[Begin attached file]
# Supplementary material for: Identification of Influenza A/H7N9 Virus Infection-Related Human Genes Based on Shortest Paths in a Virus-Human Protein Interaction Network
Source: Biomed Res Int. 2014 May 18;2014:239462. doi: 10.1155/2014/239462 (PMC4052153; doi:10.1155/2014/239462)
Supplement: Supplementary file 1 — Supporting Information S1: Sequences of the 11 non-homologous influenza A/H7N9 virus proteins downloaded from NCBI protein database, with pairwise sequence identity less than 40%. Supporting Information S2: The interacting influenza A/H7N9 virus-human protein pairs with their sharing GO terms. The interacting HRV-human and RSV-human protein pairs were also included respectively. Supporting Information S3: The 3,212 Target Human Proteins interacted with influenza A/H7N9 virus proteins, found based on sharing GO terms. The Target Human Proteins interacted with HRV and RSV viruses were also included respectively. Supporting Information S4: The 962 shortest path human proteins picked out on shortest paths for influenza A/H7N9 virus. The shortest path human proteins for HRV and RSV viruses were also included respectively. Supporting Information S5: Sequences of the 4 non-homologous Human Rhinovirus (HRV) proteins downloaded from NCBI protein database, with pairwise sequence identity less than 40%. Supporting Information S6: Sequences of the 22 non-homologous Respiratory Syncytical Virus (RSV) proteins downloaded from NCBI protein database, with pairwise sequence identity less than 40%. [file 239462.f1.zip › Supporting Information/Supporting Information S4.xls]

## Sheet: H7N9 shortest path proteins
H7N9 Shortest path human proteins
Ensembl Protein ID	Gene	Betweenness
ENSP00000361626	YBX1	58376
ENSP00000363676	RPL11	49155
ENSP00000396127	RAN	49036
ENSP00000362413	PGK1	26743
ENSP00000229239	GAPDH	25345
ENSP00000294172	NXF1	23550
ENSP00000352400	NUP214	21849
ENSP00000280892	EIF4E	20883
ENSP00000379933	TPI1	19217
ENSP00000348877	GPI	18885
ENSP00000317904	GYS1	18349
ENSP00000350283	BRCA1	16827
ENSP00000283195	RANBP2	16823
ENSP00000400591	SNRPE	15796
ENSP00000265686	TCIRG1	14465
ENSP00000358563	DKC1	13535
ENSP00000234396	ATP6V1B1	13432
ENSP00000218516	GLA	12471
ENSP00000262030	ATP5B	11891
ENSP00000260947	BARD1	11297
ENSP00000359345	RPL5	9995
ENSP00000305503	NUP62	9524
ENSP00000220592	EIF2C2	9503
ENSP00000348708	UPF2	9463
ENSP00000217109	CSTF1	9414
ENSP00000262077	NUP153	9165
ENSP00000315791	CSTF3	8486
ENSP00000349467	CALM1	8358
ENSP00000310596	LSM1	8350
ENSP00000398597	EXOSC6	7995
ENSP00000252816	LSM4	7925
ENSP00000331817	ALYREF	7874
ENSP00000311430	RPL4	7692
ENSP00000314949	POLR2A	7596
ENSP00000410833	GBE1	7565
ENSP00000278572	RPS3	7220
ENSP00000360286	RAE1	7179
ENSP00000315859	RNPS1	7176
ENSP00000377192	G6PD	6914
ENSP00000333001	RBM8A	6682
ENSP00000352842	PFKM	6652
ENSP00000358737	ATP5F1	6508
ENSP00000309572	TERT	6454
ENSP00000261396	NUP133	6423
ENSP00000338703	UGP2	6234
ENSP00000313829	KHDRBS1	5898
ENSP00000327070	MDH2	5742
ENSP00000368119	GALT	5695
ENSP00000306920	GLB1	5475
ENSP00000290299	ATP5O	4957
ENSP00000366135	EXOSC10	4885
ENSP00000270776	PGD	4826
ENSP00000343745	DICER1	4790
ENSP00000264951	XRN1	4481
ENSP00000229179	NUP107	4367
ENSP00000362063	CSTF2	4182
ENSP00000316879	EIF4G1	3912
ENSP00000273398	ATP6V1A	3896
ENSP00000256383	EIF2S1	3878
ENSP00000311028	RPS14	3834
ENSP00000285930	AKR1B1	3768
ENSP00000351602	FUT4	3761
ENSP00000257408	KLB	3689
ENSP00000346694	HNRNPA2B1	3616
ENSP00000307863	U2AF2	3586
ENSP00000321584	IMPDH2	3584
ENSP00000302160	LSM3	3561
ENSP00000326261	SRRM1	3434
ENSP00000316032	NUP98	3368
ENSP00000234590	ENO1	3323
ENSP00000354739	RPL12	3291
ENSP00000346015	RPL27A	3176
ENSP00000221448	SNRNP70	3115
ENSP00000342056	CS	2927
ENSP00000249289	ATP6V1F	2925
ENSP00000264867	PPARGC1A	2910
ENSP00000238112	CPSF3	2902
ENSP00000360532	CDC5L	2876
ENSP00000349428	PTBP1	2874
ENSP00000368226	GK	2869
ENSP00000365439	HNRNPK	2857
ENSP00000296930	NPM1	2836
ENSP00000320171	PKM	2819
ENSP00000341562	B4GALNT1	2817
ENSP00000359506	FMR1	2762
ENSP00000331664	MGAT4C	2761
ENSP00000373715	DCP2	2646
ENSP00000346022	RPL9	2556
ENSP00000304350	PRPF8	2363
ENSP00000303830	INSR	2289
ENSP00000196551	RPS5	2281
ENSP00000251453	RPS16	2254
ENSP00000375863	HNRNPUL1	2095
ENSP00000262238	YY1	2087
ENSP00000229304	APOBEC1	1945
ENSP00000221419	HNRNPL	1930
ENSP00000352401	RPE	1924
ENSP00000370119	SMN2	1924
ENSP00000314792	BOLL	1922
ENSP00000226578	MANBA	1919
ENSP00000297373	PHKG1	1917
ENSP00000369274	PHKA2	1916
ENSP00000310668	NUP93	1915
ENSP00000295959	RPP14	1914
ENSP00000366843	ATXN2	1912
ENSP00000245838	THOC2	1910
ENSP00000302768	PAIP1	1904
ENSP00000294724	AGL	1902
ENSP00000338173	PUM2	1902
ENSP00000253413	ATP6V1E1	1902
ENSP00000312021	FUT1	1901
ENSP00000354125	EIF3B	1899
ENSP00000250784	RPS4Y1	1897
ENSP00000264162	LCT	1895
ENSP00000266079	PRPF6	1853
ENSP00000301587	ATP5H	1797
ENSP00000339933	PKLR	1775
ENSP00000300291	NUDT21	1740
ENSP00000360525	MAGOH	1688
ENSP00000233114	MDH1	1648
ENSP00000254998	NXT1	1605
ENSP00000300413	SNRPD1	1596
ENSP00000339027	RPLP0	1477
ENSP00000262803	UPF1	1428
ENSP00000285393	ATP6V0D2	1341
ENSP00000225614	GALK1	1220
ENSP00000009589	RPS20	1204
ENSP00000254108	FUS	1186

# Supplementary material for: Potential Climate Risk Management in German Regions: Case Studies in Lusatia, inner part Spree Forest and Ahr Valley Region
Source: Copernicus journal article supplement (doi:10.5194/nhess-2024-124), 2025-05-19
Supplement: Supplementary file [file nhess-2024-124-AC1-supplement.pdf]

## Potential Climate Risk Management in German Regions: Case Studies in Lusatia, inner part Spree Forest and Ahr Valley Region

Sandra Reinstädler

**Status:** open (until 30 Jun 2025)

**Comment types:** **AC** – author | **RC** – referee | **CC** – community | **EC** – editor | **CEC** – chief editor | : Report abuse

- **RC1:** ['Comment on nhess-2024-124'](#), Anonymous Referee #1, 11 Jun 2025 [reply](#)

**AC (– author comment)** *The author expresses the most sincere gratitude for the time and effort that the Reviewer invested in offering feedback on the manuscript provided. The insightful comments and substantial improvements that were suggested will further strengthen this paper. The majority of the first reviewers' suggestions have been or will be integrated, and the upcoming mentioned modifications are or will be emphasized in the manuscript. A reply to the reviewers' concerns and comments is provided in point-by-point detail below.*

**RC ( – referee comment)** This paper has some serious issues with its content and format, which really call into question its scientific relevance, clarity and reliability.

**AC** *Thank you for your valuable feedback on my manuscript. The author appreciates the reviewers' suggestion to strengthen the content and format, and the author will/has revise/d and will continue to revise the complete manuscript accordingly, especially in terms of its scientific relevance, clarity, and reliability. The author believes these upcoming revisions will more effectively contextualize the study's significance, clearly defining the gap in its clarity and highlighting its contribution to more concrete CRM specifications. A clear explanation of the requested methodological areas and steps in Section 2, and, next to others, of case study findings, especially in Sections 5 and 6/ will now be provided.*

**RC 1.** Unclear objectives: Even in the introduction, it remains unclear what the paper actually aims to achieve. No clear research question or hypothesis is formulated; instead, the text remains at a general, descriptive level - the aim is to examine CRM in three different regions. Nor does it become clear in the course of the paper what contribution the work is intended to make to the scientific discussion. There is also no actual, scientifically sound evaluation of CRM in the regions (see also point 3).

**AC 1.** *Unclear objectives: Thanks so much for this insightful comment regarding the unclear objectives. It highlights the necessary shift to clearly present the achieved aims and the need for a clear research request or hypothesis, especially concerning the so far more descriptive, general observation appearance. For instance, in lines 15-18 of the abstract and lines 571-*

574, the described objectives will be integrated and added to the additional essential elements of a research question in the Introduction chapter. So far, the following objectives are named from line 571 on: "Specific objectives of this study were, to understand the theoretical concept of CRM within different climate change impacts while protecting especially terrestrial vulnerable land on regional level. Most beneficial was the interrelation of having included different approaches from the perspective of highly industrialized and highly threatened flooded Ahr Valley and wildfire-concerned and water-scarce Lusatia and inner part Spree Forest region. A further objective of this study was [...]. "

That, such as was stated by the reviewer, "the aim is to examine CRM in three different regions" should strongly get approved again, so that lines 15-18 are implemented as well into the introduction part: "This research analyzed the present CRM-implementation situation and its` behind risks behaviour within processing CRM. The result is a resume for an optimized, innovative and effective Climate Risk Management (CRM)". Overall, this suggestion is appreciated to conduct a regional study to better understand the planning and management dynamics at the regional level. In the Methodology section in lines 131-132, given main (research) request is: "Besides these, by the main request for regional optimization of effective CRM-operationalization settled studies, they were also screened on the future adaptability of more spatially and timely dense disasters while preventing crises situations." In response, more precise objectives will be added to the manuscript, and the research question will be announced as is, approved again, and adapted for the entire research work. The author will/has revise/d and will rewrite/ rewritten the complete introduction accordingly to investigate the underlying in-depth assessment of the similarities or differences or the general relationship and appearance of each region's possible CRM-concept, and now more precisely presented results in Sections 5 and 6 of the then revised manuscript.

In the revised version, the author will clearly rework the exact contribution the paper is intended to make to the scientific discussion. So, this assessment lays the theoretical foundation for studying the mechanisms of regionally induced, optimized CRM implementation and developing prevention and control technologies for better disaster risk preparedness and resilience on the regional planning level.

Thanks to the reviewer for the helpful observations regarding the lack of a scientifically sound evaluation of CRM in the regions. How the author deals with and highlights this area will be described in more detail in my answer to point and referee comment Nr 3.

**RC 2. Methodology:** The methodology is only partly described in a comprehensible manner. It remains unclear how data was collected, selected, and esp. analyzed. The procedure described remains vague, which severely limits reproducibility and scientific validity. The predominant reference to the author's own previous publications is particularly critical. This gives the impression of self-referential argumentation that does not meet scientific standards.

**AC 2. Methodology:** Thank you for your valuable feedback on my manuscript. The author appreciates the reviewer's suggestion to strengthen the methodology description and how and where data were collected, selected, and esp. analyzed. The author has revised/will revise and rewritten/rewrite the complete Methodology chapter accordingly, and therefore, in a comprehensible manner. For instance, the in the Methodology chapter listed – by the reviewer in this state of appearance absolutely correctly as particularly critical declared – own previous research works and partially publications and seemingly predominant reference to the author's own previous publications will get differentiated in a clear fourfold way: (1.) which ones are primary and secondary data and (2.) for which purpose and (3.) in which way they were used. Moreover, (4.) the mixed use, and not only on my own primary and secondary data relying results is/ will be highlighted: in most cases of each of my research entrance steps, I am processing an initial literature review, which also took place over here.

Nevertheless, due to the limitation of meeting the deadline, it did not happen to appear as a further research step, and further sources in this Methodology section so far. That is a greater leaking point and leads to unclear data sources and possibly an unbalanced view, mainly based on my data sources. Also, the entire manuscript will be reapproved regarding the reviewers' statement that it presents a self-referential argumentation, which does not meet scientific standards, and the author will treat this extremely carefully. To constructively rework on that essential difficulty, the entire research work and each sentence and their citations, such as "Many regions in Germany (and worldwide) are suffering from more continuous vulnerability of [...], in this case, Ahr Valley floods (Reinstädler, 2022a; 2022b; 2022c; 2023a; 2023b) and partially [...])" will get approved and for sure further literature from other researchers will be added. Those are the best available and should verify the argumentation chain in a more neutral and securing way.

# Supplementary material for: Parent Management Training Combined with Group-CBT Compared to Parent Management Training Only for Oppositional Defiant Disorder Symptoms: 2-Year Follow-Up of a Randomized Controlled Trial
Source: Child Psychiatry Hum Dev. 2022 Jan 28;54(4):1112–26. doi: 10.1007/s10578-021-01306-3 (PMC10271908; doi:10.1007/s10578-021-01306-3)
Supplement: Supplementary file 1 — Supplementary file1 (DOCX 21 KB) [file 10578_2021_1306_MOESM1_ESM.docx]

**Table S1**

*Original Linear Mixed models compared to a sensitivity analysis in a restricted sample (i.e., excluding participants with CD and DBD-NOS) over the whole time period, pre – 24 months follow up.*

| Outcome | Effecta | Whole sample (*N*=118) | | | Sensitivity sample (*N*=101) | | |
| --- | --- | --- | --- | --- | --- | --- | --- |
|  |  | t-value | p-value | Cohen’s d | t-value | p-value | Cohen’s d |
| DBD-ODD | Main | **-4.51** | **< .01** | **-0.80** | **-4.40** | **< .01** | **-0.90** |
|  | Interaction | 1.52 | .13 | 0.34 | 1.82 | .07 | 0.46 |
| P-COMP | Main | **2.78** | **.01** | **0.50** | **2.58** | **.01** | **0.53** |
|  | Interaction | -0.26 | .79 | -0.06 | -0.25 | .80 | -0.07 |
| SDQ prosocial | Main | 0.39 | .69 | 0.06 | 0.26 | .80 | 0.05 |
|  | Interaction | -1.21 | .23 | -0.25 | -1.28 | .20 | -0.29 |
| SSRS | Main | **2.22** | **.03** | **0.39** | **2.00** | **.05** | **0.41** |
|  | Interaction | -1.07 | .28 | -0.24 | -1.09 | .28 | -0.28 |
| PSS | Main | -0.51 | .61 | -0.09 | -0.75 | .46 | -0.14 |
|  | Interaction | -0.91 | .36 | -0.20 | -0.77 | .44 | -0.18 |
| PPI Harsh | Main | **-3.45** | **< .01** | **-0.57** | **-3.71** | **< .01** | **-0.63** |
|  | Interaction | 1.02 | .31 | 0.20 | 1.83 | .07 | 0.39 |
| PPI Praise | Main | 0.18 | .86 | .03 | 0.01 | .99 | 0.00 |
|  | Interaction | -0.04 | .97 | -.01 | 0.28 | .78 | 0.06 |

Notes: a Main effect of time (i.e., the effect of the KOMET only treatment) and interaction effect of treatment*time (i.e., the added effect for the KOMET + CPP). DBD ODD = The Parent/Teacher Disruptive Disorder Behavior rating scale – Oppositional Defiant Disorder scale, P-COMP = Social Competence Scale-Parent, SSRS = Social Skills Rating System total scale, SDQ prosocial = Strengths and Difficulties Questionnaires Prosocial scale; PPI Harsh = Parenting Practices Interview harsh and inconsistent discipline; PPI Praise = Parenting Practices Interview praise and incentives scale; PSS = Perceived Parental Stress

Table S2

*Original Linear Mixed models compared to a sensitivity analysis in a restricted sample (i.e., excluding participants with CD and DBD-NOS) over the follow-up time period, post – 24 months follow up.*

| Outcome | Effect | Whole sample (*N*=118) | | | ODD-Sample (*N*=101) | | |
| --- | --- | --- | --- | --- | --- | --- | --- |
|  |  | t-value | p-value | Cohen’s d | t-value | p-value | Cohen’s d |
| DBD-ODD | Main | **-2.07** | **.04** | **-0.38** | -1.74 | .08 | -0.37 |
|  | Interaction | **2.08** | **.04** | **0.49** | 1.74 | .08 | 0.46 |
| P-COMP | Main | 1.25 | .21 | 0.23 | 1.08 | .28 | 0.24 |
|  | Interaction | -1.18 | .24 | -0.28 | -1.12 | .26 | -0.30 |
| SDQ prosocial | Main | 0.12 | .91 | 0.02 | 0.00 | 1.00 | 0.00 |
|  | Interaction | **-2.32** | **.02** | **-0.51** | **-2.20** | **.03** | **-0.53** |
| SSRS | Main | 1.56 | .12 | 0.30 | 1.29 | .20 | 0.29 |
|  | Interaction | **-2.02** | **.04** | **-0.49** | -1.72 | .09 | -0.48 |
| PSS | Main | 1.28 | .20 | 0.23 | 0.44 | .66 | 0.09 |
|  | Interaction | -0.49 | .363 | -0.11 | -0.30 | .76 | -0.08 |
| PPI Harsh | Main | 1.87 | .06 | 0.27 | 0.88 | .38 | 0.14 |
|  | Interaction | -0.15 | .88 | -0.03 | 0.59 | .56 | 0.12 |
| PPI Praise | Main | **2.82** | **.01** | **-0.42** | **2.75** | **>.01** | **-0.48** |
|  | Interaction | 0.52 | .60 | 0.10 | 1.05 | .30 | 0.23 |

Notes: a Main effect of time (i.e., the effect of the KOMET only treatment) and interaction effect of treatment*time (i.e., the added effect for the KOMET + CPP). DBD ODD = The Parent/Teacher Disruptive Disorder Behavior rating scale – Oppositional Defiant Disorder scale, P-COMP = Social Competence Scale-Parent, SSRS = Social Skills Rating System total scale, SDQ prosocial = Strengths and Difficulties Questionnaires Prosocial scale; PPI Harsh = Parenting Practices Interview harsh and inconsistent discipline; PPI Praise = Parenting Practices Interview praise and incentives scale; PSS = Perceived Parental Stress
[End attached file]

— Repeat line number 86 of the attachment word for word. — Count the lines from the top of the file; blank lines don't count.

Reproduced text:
ENSP00000368226	GK	2869